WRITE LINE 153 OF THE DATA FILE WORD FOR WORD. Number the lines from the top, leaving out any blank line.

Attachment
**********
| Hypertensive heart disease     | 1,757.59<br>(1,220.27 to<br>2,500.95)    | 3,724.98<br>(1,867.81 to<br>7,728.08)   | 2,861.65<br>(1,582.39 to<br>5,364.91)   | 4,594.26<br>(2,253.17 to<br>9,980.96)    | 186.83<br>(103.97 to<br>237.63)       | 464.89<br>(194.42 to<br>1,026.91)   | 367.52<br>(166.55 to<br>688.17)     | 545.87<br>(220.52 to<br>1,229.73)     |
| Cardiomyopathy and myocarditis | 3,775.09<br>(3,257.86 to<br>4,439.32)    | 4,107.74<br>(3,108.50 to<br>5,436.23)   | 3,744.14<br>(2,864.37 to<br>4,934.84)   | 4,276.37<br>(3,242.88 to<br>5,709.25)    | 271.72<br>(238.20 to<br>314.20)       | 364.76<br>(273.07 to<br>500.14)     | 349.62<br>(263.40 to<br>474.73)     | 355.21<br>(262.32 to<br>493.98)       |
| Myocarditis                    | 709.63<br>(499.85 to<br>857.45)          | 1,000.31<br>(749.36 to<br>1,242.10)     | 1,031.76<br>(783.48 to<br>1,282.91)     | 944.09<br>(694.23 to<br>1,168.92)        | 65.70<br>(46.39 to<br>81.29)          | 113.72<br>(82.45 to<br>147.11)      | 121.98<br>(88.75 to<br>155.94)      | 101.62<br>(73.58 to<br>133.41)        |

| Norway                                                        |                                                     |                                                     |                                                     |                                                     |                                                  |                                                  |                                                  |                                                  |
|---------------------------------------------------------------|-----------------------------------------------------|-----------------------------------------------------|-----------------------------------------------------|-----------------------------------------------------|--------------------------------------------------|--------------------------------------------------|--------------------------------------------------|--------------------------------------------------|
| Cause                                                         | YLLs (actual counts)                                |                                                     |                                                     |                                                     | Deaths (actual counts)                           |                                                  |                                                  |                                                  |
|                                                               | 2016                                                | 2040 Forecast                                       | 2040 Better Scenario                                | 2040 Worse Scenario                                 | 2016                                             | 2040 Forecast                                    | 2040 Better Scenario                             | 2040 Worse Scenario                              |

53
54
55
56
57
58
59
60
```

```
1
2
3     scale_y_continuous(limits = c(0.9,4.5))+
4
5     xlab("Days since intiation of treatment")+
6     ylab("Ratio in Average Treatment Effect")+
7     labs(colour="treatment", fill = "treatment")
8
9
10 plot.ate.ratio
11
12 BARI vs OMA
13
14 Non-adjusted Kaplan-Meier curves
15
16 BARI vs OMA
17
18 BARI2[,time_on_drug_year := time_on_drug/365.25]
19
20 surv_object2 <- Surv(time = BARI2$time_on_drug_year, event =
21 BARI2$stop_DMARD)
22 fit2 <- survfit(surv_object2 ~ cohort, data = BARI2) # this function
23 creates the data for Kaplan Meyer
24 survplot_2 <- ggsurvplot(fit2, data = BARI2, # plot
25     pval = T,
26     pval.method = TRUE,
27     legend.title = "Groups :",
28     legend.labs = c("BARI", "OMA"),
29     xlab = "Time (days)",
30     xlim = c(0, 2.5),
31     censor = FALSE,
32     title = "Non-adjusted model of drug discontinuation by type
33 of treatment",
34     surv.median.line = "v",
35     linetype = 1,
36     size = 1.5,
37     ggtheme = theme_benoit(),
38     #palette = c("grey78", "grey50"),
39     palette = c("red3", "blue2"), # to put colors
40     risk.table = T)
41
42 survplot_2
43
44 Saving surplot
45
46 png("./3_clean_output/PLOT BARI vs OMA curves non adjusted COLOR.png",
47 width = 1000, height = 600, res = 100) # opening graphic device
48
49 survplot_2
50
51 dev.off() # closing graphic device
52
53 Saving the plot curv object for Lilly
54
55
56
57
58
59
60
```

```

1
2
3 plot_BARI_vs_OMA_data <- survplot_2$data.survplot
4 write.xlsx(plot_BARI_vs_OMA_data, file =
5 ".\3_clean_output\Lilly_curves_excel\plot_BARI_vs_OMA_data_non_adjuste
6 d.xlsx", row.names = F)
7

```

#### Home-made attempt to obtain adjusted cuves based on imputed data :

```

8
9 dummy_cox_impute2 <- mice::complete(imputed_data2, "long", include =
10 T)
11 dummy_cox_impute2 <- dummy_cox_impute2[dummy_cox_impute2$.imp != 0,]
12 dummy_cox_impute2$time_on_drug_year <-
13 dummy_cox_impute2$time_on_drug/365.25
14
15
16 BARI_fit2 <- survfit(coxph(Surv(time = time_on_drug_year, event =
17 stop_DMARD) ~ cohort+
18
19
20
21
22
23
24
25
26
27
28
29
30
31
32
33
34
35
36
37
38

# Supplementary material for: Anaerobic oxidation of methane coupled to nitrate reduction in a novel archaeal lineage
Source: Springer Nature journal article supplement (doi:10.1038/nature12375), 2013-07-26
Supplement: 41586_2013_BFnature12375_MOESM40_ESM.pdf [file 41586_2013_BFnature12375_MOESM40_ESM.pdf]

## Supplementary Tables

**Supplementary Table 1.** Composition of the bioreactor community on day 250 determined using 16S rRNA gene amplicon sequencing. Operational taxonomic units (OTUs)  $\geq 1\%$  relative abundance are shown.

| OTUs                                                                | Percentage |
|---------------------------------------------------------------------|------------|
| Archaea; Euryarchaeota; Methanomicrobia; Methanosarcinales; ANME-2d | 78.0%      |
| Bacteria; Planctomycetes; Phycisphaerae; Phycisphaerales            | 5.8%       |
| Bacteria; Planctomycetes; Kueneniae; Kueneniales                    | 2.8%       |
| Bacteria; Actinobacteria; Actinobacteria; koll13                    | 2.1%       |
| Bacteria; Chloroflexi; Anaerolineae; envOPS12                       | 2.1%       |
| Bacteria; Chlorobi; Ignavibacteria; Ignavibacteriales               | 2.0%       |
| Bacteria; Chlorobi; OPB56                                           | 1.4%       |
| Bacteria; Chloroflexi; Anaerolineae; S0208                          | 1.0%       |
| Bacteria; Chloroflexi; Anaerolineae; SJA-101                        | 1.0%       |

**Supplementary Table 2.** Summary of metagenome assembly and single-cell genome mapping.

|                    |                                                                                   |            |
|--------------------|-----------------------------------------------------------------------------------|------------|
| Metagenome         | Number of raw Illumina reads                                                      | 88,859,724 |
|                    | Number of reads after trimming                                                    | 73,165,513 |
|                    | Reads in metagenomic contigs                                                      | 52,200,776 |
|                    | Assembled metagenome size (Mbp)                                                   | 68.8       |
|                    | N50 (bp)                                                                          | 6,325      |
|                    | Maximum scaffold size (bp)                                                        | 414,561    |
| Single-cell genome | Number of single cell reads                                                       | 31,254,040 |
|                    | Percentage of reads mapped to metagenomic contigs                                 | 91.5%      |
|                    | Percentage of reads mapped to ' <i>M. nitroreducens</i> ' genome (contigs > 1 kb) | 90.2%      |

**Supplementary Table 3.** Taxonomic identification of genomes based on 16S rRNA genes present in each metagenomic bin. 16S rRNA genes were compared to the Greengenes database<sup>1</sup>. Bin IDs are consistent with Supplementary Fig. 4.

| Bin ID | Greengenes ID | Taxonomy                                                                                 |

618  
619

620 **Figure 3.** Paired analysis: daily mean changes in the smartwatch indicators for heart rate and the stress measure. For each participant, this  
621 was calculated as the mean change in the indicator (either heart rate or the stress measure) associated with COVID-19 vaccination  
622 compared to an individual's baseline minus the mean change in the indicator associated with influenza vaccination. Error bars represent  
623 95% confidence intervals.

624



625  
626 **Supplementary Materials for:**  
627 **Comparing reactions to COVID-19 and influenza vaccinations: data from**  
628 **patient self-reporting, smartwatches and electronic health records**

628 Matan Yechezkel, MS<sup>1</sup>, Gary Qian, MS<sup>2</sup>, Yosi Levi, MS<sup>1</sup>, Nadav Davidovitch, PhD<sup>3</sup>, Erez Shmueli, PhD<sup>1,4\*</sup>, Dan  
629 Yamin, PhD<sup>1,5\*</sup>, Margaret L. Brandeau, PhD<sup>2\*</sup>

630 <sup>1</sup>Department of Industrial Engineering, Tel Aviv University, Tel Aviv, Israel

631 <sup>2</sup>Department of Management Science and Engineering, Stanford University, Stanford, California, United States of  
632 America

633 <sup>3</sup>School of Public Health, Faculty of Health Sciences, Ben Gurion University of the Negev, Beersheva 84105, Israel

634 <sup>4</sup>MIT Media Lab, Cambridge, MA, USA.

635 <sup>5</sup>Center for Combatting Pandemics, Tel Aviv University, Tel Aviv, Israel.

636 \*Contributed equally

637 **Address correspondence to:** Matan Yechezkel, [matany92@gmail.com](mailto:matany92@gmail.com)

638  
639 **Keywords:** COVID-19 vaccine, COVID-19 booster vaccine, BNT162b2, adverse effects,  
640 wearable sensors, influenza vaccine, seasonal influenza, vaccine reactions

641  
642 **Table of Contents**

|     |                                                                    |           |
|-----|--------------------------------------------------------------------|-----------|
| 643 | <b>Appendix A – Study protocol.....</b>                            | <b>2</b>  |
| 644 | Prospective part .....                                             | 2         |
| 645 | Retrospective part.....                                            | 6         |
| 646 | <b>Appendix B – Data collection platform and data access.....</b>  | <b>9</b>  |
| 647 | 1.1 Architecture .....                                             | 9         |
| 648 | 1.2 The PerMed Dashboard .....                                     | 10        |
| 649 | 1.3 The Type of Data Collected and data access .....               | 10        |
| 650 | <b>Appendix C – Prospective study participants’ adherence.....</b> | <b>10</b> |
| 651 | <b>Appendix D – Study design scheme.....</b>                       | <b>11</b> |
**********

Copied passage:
620 **Figure 3.** Paired analysis: daily mean changes in the smartwatch indicators for heart rate and the stress measure. For each participant, this  